- Edgy, truly standout styling
- Hybrid and turbo models in the mix
- Should balance practical and sporty
- Lexus reputation and resale value
- Probably not as smooth/quiet as the RX
- Will price points for Hybrid, Turbo be too high?
- Remote Touch, and its mouse controller
With the 2015 NX, Lexus finally has a crossover to take on the mass luxury market--and its striking styling could be a plus.
The compact crossover segment has now grown larger than that old reliable, the mid-size sedan market. Every carmaker offers a small SUV now; some offer several. New this year, the 2015 Lexus NX is the entry from Toyota's luxury brand, which was uncharacteristically slow to create its own small sport-ute, years after its German competitors brought theirs to North American shores.
The new NX competes directly with similarly sized crossover utilities from Audi, BMW, and Mercedes-Benz. That's in contrast to Lexus pretty much pioneering the luxury SUV market with its mid-sized RX model, which remains a stalwart in the category. That means the NX has to play catch-up against some well-known nameplates: Acura RDX, Audi Q5, BMW X3, Mercedes-Benz GLK, Cadillac SRX, and Volvo XC60, with more likely on the way.
So Lexus has chosen aggressive design to make the NX stand out, which it definitely does among the raft of more or less box-like utilities. The luxury maker also touts its standard turbocharged four-cylinder engine and supposedly sporty chassis tuning and steering to suggest exciting performance. On looks, the car stands alone. But on sportiness, it's not even close to its German competitors.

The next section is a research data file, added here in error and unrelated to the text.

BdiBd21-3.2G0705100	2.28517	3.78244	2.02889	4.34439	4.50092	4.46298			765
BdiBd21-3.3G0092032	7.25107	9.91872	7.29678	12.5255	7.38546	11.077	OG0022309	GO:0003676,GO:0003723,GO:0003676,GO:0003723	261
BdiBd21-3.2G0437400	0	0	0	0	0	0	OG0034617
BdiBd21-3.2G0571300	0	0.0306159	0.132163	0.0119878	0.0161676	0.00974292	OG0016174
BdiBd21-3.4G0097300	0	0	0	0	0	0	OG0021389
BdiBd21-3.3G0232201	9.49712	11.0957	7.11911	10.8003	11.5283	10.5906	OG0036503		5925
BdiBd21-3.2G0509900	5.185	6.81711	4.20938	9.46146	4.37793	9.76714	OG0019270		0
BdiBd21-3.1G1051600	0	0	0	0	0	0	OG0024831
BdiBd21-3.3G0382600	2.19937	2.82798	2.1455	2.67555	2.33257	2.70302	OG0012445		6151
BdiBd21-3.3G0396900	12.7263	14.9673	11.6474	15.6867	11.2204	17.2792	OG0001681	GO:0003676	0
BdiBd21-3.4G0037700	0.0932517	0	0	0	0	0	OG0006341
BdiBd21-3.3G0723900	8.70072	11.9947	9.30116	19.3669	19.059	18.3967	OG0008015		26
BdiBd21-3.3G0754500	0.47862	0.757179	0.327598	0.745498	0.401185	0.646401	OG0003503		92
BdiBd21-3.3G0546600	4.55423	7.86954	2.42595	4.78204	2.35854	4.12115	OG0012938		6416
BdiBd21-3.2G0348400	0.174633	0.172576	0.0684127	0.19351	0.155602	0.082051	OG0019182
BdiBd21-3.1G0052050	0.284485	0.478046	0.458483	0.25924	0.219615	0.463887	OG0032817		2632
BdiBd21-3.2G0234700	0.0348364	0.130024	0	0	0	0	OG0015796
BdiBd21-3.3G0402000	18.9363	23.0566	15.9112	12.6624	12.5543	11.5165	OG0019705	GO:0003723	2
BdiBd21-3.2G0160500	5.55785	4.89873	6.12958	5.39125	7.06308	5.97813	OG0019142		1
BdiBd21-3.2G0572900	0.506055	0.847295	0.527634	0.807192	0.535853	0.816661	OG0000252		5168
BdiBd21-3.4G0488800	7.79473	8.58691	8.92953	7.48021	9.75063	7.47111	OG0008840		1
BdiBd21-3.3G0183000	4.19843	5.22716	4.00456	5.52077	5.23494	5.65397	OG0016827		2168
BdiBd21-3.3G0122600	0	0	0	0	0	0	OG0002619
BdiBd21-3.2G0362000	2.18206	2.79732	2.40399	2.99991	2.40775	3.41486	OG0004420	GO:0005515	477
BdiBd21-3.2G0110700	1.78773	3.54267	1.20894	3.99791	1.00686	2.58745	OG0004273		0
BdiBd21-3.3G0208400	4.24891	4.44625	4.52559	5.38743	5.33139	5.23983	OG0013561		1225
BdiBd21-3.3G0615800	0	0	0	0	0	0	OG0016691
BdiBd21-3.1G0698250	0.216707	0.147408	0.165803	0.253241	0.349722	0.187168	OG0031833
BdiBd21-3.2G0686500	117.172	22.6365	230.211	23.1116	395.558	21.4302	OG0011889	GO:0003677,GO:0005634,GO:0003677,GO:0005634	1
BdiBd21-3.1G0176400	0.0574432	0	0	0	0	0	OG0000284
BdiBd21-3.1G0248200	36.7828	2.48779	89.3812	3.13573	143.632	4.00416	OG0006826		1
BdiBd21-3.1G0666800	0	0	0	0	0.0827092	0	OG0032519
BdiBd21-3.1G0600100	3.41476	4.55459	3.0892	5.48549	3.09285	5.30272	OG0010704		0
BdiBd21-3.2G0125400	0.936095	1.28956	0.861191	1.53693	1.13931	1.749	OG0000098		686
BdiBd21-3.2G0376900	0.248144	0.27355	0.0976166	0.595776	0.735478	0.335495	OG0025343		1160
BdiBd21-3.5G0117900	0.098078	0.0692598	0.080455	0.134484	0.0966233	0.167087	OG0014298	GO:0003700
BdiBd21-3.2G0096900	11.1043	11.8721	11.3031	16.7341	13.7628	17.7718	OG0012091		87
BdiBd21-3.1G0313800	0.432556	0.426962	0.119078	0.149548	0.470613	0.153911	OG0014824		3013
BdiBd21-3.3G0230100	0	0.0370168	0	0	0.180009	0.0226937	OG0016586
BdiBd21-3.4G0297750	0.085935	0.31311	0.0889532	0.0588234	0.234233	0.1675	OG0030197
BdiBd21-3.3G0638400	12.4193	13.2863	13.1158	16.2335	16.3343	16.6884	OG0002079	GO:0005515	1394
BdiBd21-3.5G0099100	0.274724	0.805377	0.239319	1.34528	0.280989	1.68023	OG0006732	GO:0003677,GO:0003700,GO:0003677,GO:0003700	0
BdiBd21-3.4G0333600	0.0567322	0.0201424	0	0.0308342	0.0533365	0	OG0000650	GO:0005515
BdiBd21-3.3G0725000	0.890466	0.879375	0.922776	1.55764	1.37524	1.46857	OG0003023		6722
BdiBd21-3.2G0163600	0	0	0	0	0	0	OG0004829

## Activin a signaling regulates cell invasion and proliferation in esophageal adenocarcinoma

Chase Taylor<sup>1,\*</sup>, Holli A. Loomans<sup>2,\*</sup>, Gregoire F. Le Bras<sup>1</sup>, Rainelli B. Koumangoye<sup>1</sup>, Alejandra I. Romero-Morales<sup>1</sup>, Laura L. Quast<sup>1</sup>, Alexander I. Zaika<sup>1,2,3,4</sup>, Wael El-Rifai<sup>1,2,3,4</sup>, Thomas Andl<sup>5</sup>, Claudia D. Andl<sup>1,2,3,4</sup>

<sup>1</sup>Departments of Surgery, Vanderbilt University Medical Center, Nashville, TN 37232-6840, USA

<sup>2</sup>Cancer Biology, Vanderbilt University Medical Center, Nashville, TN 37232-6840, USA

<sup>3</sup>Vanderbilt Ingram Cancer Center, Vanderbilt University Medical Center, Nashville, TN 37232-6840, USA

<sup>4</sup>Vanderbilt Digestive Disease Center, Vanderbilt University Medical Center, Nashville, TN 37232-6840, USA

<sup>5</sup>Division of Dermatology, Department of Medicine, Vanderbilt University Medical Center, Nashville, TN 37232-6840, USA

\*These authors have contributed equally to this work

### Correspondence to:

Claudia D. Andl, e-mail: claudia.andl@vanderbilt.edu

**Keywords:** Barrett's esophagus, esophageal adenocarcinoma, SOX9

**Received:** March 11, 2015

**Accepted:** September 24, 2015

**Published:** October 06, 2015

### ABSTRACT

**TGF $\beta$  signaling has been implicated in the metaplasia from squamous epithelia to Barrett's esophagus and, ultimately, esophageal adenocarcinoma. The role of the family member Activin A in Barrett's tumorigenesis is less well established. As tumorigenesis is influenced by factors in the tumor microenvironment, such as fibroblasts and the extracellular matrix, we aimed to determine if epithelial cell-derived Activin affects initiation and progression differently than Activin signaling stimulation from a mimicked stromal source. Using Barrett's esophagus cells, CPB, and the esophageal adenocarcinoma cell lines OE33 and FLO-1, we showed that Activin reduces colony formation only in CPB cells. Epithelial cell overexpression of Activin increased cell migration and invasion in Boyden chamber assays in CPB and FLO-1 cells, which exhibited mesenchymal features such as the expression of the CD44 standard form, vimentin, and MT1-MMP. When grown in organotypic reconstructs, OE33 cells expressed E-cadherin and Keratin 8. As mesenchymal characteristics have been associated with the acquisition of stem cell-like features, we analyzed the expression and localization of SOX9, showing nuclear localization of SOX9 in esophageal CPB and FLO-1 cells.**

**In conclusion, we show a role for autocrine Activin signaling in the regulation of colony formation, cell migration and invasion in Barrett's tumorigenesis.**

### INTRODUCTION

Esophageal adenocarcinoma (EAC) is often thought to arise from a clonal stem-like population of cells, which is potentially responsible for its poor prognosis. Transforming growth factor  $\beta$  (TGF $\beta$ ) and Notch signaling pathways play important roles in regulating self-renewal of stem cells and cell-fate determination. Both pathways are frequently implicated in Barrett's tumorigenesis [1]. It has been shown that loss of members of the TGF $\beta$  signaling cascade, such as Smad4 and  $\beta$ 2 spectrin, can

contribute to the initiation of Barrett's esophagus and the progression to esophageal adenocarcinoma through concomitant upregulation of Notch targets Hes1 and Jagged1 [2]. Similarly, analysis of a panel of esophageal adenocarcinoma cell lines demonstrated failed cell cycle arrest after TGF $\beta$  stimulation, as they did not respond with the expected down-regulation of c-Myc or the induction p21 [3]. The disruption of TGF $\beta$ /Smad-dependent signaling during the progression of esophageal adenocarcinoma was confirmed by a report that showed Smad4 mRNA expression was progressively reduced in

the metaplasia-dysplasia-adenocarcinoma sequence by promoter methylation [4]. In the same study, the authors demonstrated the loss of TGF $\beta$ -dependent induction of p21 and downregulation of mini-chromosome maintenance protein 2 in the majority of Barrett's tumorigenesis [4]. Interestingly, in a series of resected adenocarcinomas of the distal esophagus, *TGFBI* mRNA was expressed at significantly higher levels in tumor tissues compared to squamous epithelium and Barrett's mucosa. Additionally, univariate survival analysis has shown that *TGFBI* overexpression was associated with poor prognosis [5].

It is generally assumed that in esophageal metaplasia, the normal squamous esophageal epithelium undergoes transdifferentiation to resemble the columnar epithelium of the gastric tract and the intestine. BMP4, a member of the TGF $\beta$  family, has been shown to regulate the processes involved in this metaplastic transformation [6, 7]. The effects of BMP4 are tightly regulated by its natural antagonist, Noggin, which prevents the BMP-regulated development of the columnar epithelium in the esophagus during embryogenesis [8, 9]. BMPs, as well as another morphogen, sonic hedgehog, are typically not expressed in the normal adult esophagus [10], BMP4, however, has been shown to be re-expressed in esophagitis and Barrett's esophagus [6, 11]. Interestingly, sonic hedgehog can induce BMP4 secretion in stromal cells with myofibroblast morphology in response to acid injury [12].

The 2015 Lexus NX is offered in just two models: the standard NX 200t, with a 235-horsepower turbocharged 2.0-liter four-cylinder engine paired with a six-speed automatic transmission, and a 194-hp NX 300h (hybrid) that the company expects to make up less than 10 percent of total sales. The sporty F-Sport package could go as high as half of all NX models, though, with its more aggressive grille, unique interior trim, comfortable sport seats, and slightly retuned suspension. Both models are offered in front- or all-wheel-drive versions, though the hybrid sacrifices the 200t's mechanical AWD system that sends engine torque to all four wheels and substitutes a 50-kilowatt (67-hp) electric motor on the rear axle when needed.
While the handling and electric power steering are very good, getting sufficient performance out of the standard turbo engine requires aggressive driving. It's tuned for fuel economy, meaning that the combination of turbo lag and the need to shift down a gear--sometimes two--produce delays in full acceleration. The most fun model is the F-Sport when it's set to "Sport" mode. The hybrid is smooth and very quiet, and with a new "kickdown" acceleration mode, feels faster than it actually is.
The NX brings an edgy new styling theme to Lexus’ utility vehicle lineup, and the focal point is definitely its face, where there's an oversized, especially bold version of Lexus’ spindle grille, narrow headlights, truly aggressive lower air dam and fender sculpting, and separate Nike-swoosh LED running lights. You'll find that same shape mirrored in the LED taillights, although at the rear it's at its smoothest and most ordinary, with a clear family resemblance to the larger Lexus RX. Meanwhile, this is a standout design from the side or any front angle, with the NX holding its sharp, chiseled, muscled look, balanced by a swoopy, smooth roof line and punctuated by bulging wheel wells. The NX 200t will, by the way, also be available in F Sport trim, adding an even sportier look to the small crossover.